U.S. congressman seeks information on Interior Dept coal study funds

NEW YORK (Reuters) - A Democratic congressman is asking the U.S. Interior Department to explain what happened to $400,000 officials there said they were withholding from a study about the health impacts of coal mining, according to a letter to the agency from the congressman, Raul Grijalva, released to the public on Tuesday.

In his letter, the Arizona representative said time had already run out for the department to spend the money, which it received during the 2016 fiscal year as a grant from the National Academies of Sciences, Engineering and Medicine and was obligated to spend within two years.

Grijalva said it appeared the department had decided not to spend it on the coal mining study “because of fears that it would conclusively show that mountaintop removal coal mining is a serious threat to the health of people living in Appalachia.”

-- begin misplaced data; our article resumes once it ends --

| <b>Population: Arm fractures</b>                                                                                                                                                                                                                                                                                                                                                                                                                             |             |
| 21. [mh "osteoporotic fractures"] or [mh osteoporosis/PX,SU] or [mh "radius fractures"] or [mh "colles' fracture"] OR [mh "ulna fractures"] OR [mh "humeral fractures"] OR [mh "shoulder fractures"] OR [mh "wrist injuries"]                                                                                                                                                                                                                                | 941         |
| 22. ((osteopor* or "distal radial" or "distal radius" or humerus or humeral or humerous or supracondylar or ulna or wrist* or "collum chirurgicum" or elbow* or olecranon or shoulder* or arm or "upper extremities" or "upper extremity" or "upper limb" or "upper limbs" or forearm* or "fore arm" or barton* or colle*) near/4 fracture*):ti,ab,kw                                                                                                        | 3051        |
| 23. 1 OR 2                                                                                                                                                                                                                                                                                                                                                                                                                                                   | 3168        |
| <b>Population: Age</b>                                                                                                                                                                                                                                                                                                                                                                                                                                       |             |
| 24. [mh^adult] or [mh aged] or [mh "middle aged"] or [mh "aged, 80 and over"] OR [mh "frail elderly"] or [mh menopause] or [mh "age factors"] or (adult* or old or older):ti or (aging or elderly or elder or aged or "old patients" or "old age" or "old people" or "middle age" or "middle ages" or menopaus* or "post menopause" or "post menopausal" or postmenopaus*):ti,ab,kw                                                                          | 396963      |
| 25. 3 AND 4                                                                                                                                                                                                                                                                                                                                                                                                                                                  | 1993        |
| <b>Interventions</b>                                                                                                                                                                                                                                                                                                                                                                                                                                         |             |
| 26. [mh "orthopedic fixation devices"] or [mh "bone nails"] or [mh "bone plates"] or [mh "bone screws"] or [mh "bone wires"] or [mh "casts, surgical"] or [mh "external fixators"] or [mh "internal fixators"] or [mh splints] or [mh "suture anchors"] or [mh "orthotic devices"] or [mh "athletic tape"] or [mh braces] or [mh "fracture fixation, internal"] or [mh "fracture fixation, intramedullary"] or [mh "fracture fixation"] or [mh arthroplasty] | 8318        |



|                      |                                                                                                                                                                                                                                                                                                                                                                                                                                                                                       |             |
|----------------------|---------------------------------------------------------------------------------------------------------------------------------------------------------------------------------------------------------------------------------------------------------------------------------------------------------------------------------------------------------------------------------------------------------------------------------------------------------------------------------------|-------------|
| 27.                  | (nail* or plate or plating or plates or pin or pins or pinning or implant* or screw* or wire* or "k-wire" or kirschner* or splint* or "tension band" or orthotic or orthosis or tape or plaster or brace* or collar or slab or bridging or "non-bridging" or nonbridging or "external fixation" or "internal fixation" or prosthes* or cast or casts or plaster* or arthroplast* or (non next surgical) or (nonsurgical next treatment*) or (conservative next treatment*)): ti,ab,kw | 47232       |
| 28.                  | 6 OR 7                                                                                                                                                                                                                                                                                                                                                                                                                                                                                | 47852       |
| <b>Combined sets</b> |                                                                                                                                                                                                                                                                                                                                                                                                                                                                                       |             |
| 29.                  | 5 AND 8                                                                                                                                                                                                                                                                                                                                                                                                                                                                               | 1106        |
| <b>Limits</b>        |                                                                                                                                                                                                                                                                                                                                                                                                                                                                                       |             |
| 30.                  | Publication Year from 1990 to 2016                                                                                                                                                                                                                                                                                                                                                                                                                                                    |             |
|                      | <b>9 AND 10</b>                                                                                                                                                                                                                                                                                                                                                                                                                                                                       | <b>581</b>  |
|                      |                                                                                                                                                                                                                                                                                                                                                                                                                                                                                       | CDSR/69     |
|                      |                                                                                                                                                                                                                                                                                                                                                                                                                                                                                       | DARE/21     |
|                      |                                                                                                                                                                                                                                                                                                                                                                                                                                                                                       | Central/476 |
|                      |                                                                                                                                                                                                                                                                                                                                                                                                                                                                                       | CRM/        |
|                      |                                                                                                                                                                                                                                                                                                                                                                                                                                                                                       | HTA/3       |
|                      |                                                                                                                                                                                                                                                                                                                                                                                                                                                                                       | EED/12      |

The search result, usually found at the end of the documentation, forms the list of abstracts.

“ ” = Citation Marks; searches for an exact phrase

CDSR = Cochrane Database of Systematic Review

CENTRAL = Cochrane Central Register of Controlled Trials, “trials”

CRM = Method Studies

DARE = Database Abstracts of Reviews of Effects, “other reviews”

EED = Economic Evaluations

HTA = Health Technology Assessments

In a statement emailed to Reuters, Heather Swift, an Interior Department spokeswoman, said agency began reviewing all of its grants and partnerships worth more than $100,000, “in order to ensure the department is using tax dollars in a way that advances the department’s mission and fulfills the roles mandated by Congress.” She said the grant for the study was put on hold as part of the review.

President Donald Trump has directed members of his cabinet, including Interior Secretary Ryan Zinke, as well as Environmental Protection Agency Administrator Scott Pruitt and Energy Secretary Rick Perry, to take a friendly approach to the coal industry in their departments’ policies. Last week, Pruitt announced the EPA was formally seeking to withdraw from a pollution-reduction plan devised under former President Barack Obama and declared an end to what he called the “war on coal.”

Zinke has sought to make more U.S. public lands managed by the Interior Department available for mining and drilling.

In his letter, Grijalva, who is the highest-ranking Democrat on the Republican-controlled U.S. House Natural Resources Committee, said he wanted “a detailed explanation” of why the money was spent elsewhere or, if it was not, why the department let the grant expire.

Reporting By Emily Flitter; Editing by Steve Orlofsky